Freddie Mac to Revise Income Downward for First Half of 2005
The mortgage finance company Freddie Mac said Tuesday that it will lower first and second quarter income by $220 million because of a computer error. Total profit for the period will be adjusted to $1.4 billion from $1.6 billion.
The error arose from a flaw in a computer system, used by Freddie Mac since 2001, that overstated income from interest on securities backed by adjustable rate mortgages, Michael Cosgrove, spokesman for the company said, according to the Washington Post.
The problem in the system did not become apparent earlier because Freddie Mac had not been buying these securities in large quantities until recently. The company increased its holding of these securities over the past year by 35 percent, to $236 billion from $175 billion, the Post reports. Company officials noted that the error was only 1 percent of the $36.1 billion of capital on hand that the company is required to maintain.
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Although the errors dates from 2001, Freddie has decided to book the revisions in the current year, the New York Times said, after consulting with their accounting firm PricewaterhouseCoopers. Overstated income resulting from the software problem in th first half of 2005 alone was $33 million for the first quarter and $51 million for the second quarter, the Wall Street Journal reports.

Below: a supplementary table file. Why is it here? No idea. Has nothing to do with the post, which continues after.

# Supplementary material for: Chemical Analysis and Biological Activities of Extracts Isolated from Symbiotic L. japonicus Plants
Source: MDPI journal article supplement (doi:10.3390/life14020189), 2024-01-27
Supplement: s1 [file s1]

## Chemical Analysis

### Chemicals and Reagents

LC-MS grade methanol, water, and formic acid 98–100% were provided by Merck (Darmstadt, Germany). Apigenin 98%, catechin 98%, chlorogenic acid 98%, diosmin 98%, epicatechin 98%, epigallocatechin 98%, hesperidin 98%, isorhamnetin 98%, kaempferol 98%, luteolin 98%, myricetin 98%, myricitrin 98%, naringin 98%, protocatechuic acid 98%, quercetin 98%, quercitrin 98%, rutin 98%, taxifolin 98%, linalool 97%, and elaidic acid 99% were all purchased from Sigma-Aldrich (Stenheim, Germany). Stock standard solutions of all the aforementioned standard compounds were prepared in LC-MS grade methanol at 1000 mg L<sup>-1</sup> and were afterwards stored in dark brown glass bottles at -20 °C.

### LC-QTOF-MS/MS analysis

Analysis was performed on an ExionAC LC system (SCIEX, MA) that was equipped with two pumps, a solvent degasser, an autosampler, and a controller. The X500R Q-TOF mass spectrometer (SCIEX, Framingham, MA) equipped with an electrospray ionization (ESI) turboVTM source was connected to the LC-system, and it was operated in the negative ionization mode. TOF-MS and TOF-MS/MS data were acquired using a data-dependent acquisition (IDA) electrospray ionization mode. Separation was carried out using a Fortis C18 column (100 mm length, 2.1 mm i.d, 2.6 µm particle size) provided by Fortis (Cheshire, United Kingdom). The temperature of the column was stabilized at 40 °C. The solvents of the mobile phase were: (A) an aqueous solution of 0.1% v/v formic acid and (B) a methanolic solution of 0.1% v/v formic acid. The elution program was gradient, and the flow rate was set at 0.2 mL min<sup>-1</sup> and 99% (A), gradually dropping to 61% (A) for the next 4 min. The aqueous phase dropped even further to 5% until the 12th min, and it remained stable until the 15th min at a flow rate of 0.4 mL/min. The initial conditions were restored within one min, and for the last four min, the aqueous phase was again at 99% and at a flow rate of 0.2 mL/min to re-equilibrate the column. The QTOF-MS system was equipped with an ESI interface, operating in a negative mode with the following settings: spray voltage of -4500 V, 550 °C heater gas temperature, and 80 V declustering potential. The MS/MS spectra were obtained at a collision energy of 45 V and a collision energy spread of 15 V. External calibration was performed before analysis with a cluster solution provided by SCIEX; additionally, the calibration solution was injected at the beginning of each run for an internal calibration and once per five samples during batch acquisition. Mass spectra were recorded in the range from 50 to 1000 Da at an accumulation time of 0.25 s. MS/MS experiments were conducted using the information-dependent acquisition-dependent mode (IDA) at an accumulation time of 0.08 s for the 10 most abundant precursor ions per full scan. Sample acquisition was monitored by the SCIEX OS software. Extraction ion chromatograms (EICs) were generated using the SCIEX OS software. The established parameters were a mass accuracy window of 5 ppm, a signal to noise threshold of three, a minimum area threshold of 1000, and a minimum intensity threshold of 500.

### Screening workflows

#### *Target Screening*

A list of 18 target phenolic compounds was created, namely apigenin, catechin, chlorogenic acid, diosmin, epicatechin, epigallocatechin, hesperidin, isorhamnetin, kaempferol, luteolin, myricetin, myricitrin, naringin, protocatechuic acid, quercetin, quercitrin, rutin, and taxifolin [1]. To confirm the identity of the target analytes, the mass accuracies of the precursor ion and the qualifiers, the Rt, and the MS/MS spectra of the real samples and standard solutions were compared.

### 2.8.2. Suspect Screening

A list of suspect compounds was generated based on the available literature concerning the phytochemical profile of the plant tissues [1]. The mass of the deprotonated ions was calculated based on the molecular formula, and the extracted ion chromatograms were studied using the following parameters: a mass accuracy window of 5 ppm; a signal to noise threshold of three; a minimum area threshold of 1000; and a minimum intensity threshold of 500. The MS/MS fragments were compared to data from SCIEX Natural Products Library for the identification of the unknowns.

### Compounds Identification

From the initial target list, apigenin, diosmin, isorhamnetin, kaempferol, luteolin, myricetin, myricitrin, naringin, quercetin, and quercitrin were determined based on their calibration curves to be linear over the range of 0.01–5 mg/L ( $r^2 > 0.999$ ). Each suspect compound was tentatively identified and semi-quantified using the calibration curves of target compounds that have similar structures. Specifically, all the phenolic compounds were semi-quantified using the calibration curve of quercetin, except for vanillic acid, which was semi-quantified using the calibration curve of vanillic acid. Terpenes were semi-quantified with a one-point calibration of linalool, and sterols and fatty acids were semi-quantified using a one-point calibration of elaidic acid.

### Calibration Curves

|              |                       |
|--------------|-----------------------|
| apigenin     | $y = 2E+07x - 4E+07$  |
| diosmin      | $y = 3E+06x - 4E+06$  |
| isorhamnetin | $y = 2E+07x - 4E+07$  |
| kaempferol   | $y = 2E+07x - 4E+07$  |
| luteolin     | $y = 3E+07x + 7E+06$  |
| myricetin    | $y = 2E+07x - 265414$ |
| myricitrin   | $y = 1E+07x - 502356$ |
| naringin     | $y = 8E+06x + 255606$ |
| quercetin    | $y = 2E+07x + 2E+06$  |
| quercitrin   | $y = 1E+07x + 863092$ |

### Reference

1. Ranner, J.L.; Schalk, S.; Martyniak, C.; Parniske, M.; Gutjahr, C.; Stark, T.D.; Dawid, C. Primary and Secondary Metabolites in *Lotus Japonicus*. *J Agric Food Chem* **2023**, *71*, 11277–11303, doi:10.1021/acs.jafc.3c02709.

The revisions to the first and second quarter earnings will delay issuance of the third quarter earnings statement. Martin Baumann, Chief Financial Office of the company said that during the fourth quarter, Freddie Mac “will be looking at other computer applications to ensure there aren’t other programming functionality issues in some other legacy systems,” before the company issues fourth quarter earnings, the Wall Street Journal reports. Officials expect the company to issue timely statements no later than March 2006.
The error may delay Freddie’s plans to register with the Securities and Exchange Commission (SEC), Mr. Cosgrove said, according to the Post.
Former chief accountant for the SEC Lynn E. Turner told the Post that the error indicates the company did not adequately test its system when it was first installed and that the amount of money involved was significant. “What they are saying is, “We just aren’t worried about an error until it reaches $220 million.” By then the number is so big it impacts shareholders,” he said.
“We have made enormous strides in fixing our financial infrastructure, but, as we have previously disclosed, the effort is not complete,” Baumann said in a statement, according to the Washington Business Journal.
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